If a photographer or any creative does not care about usage rights, then their work seems to be not that important, not even to them. It is just not professional, and seasoned art buyers will not even consider estimates that look like an All-included buffet.
Creatives, think of not only photographers but e.g., designers, musicians, software coders, etc. often create amazing things and lots of creativity and talent goes into the process. Mostly they aren’t the richest people — for clients the visible part is often just the (in their opinion) ‘outrageous’ hourly rate, but creatives need to put time into the idea (creative process), buy their own tools, software, equipment and everything that comes with doing self-employed / freelance work. Keeping track of who does what with your creative work results is important. That why a usage license is important, too.
How much is a license?
All license pricing is usually an adaption to market, use, and the client: yes, it makes a difference if you quote a local mom-and-pop business or Nike.
There are tools that calculate license costs based upon the usage scenario, client type and size, etc..
Sometimes those tools are estimating pretty high, and a photographer knows that it is not a fit for its local market or small client.
So, an option is to look at the client and the market and establish a fair market pricing, like say 30%, 50% or more of the photographer’s fee. Even if a photographer feels that the client wants just ONE NUMBER, then create that estimate and point out that 30% is the license cost.
So why pointing it out? Because of infringement. If a photographer prices a license, it is tailored to the use scenario of the client — the smaller the use, the less expensive the license because the photographer understands that you don’t want to buy the whole store when you just need a chocolate bar. But what happens if the client, let’s assume it is an architect or interior designer or realtor, provides the images to all the sub-contractors who work on the project, from the kitchen manufacturer to the floor company and all of them use the images for their marketing and …because the images are so well done, they acquire new customers? That is not what the photographer wanted; it is an infringement. If the original client would have told the photographer that it is a shoot for 5 companies the pricing for the license would have been higher, of course.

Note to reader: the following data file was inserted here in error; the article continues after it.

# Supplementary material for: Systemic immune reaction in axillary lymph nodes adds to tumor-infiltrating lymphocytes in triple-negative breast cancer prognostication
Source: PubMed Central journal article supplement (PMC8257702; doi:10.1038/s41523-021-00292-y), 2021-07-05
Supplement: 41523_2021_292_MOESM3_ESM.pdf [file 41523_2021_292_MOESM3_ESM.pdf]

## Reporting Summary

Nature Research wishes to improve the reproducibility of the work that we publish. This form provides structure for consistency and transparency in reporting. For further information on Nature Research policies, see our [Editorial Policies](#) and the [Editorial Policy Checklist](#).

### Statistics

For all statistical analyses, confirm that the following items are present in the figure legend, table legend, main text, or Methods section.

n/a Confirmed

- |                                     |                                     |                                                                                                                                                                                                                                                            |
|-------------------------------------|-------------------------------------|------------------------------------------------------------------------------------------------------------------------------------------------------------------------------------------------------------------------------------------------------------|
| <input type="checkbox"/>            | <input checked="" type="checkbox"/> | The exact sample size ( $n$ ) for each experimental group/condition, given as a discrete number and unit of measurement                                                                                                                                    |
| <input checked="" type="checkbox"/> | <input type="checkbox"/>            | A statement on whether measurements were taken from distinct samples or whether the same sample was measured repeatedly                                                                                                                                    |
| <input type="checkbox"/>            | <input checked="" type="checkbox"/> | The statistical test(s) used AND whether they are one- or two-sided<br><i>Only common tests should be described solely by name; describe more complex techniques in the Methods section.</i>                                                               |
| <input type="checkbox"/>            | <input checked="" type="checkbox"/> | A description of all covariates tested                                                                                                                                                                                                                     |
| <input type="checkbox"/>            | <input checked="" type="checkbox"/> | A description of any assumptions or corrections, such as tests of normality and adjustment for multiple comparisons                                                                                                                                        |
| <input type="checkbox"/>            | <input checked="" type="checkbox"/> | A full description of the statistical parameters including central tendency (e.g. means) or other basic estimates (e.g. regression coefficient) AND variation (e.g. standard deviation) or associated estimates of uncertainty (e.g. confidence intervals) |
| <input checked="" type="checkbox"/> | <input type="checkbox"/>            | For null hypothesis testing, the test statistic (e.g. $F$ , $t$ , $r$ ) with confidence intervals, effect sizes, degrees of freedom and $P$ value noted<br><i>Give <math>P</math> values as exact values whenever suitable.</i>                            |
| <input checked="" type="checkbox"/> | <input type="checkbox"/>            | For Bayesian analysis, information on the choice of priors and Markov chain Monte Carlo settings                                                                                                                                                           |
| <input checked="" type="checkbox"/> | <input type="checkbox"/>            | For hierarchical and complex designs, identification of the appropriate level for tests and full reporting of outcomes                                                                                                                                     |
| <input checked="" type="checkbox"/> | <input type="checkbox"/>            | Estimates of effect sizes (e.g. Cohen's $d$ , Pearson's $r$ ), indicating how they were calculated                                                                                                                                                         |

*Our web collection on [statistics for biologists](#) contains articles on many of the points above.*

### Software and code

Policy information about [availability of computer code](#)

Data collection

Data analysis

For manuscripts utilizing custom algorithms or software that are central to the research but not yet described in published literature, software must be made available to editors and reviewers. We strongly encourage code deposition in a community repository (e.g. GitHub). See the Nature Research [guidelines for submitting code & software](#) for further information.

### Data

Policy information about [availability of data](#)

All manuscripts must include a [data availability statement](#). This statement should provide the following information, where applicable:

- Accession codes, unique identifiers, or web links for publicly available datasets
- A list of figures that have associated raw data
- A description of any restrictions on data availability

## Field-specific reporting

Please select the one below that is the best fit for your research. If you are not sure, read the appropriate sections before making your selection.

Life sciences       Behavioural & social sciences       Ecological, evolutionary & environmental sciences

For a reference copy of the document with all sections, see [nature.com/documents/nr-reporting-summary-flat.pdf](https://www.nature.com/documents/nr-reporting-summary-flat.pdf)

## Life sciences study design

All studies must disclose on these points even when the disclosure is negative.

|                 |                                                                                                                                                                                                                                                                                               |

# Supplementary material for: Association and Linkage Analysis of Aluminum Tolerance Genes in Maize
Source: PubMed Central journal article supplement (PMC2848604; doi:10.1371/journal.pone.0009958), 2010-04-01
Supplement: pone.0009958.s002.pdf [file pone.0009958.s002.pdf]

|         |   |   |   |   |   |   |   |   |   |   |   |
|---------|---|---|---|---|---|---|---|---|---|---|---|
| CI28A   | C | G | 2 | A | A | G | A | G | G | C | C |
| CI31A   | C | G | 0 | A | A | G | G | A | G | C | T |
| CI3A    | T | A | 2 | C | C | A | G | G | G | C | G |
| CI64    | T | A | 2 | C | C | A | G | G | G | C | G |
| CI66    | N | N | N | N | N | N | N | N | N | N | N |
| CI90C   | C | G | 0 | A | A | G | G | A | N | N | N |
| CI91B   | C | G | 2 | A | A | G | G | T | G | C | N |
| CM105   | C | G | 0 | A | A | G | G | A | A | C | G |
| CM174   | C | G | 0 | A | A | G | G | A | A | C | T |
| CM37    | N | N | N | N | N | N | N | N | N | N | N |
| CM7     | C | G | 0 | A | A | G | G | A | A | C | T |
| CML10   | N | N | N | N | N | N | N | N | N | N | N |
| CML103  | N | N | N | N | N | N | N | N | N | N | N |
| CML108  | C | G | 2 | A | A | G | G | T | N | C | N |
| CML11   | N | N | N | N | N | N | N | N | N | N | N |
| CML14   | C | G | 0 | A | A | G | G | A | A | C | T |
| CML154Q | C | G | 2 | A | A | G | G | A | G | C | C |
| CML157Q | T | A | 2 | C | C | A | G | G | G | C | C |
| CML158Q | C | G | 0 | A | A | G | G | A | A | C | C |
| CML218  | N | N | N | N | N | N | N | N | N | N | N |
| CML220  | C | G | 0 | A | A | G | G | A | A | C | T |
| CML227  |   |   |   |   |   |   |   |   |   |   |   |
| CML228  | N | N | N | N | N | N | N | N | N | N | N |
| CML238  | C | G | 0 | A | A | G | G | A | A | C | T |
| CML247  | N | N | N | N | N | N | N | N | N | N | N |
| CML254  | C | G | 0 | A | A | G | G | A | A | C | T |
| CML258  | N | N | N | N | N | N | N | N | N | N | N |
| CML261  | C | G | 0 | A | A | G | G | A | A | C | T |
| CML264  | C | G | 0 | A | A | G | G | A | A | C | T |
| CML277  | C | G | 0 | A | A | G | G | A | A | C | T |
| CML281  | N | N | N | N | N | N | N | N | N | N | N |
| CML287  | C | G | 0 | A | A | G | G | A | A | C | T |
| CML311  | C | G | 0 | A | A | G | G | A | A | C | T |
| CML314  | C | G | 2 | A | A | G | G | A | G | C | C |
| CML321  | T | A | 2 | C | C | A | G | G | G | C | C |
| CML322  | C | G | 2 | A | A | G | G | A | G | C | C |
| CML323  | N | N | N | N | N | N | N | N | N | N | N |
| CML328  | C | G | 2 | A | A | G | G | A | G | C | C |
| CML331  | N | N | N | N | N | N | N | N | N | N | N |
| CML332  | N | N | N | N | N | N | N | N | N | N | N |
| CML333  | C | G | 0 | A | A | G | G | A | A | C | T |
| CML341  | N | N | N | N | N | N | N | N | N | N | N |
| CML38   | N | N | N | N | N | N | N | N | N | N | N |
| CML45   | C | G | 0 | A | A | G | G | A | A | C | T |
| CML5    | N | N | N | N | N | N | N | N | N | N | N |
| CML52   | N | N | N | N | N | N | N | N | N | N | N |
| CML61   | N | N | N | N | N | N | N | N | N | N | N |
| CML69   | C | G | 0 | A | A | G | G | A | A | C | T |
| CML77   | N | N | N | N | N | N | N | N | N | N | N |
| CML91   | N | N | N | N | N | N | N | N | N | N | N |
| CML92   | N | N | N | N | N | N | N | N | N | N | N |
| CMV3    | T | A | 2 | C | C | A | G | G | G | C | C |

If a photographer has NOT put a price on the license, then it is difficult to proof the value of it and therefore how much damage the infringement does.
What licenses exist?
I mentioned in my post two terms: ASSIGNMENTS and STOCK PHOTOGRAPHY.
With an ASSIGNMENT a photographer is assigned, contracted to work on a specific task with a specific outcome.
With buying STOCK PHOTOGRAPHY, the buyer can only get what is available, there are no custom images (video) they can request.
Whatever the client goes for, it will result in LICENSING the image, either the assignment outcome or a stock photo.
There are 3 categories of licenses:
Usage for selling, promoting a product, service, idea, etc.
E.g., for use on website, for advertising, product packaging, brochures, PR, social media, marketing, reports, etc.
What information goes into the license, can be seen a little further below.
E.g., use in magazines and newspaper articles, either print or online, books, etc.
Editorial is an important category because it is not just concerning e.g., a photo from a news event, but e.g., imagine an architect who lands an editorial article about its company and projects: with proper images that becomes a valuable article not only for the magazine but also for the architect! It’s probably, in an advertising sense, more worth than placing ads somewhere and … the editorial piece in the magazine is free. That equals free advertising with more reputation value than a 1-page ad!
A magazine will ask for an Editorial License for images before they use it in their piece — therefore, if a client plans to use images for editorial purposes, they will need such license.
Any photography done for personal use — most notably think about wedding photographers or portraits, but also many others.
What information goes into a license